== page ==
Henry David Thoreau – Walden
1 In the middle of “Where I Lived, and What I Lived For,” Thoreau explains that he went to the woods to “live deliberately” and “to live deep and suck out all the marrow of life” (p. 967). What does Thoreau mean by this? How might a person “live what was not life”?
2. Summarize the paragraph that begins “Still we live meanly . . . .” Are the ideas in this paragraph applicable to contemporary life?
3. Explain this quote: “We do not ride upon the railroad; it rides upon us . . . . ” Give this some thought; you can get what Thoreau is saying.
4. Look at the paragraph that begins “Let us spend one day as deliberately as Nature . . .” (p. 971). In your own words, paraphrase what is he asking us to do.
5. Compare and contrast Thoreau’s reason for going to the woods and his reason for leaving them (p. 990). Give lines from the text to support your answer.
6. In his conclusion, Thoreau again applies the lessons of his experiment to broader experiences. Look at the first paragraph of your assignment, what general lesson about conformity is to be drawn from the path he wore between his house and the pond? (p. 990)
7. In the next paragraph, Thoreau relates what he has learned about success. Summarize his definition of success.
8. The example on page 992 of the man who “hears a different drummer” is one of the most quoted passages from Walden. How does this passage support Thoreau’s earlier criticism of conformity?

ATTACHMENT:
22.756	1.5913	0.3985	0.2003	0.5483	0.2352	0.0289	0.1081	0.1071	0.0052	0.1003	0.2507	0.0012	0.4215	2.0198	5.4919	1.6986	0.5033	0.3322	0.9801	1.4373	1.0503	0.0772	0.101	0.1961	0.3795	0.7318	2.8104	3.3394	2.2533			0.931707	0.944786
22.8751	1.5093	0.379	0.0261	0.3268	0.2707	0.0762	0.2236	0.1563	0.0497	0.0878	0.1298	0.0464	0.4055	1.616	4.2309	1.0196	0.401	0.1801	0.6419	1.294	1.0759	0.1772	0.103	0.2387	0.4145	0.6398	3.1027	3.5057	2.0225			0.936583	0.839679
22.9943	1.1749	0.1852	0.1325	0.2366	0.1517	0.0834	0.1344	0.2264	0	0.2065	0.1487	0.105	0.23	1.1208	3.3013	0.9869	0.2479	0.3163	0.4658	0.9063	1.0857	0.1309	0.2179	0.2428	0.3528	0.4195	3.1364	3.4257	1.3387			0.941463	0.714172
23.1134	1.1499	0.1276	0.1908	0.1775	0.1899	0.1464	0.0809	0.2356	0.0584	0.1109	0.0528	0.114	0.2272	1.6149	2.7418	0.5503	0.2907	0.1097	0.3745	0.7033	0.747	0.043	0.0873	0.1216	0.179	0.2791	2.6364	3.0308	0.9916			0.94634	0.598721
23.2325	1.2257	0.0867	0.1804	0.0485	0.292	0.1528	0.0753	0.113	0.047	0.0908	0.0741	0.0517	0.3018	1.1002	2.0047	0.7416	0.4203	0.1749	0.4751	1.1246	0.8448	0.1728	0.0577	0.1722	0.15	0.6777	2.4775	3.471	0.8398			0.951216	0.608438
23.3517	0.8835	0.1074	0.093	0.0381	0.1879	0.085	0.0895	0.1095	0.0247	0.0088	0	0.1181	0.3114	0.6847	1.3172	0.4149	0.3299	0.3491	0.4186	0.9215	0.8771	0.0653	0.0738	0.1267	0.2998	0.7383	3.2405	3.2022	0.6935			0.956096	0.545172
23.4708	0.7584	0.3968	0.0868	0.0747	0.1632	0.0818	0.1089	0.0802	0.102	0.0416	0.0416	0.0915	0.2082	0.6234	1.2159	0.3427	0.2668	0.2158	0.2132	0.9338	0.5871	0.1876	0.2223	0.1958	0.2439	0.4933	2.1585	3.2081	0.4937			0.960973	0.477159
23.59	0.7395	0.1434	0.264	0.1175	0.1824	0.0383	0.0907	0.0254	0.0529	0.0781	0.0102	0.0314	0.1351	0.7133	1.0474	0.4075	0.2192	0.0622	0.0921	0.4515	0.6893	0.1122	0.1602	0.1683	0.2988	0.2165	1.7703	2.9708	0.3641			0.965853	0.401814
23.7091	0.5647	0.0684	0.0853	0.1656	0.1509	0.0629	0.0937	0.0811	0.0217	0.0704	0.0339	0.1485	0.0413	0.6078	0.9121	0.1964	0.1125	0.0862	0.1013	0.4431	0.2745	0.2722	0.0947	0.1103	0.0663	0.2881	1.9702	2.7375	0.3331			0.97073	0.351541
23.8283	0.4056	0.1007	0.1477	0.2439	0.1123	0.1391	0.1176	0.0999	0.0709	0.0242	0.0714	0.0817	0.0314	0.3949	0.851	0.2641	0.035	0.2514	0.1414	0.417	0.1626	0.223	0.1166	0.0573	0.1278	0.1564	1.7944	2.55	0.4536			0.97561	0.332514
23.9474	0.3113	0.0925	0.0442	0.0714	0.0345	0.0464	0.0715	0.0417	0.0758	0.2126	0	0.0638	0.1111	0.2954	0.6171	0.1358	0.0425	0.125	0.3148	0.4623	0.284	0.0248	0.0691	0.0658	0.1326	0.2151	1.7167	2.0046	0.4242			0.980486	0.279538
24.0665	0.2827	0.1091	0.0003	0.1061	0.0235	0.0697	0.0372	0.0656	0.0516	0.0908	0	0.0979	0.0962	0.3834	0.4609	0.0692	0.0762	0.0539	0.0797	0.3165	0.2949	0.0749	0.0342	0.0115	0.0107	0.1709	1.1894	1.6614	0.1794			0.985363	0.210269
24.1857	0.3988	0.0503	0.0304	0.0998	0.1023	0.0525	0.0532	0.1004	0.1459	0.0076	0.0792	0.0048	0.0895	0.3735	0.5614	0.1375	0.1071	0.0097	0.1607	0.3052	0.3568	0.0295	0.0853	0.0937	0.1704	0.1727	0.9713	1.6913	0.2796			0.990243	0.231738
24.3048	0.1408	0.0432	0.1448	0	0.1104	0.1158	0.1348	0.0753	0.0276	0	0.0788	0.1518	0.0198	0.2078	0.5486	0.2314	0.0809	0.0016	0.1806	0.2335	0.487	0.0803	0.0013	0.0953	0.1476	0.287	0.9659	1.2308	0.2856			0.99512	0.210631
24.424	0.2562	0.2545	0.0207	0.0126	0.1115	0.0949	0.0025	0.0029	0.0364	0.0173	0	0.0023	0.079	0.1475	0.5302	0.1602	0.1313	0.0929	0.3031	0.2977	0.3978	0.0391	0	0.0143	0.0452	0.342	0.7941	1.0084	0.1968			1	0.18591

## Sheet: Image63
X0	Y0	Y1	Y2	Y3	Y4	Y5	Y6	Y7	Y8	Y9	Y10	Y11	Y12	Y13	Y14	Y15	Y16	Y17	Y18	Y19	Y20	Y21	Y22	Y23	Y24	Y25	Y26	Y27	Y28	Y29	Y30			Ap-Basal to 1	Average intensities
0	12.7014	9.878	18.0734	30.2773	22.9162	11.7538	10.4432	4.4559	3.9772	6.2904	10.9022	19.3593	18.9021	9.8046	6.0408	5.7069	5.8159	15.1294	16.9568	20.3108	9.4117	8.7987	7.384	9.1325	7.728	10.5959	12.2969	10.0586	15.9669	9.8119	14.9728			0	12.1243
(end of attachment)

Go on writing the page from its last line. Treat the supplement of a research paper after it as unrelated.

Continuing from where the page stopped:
9. The paragraph beginning “However mean your life is, meet it and live it” (top of 993) has many great ideas. What is the overall theme of this paragraph? What does he mean by “Sell your clothes; keep your thoughts”?
10. Look at the paragraph at the bottom of 995 that begins, “The life in us is like the water in the river.” This paragraph centers upon the rebirth that is possible once we have opened ourselves to nature and to our true inner being. Within this context, what is the “moral” of the story of the beautiful bug that hatched after being buried many years in an old wooden table?
11. In some respects, the final sentences of the passage sum up all of Walden. Thoreau reminds us that finding our “perfect summer life,” as the beautiful bug did, is not merely a matter of waiting. According to Thoreau, in what way may any of us prepare to experience spiritual awakening?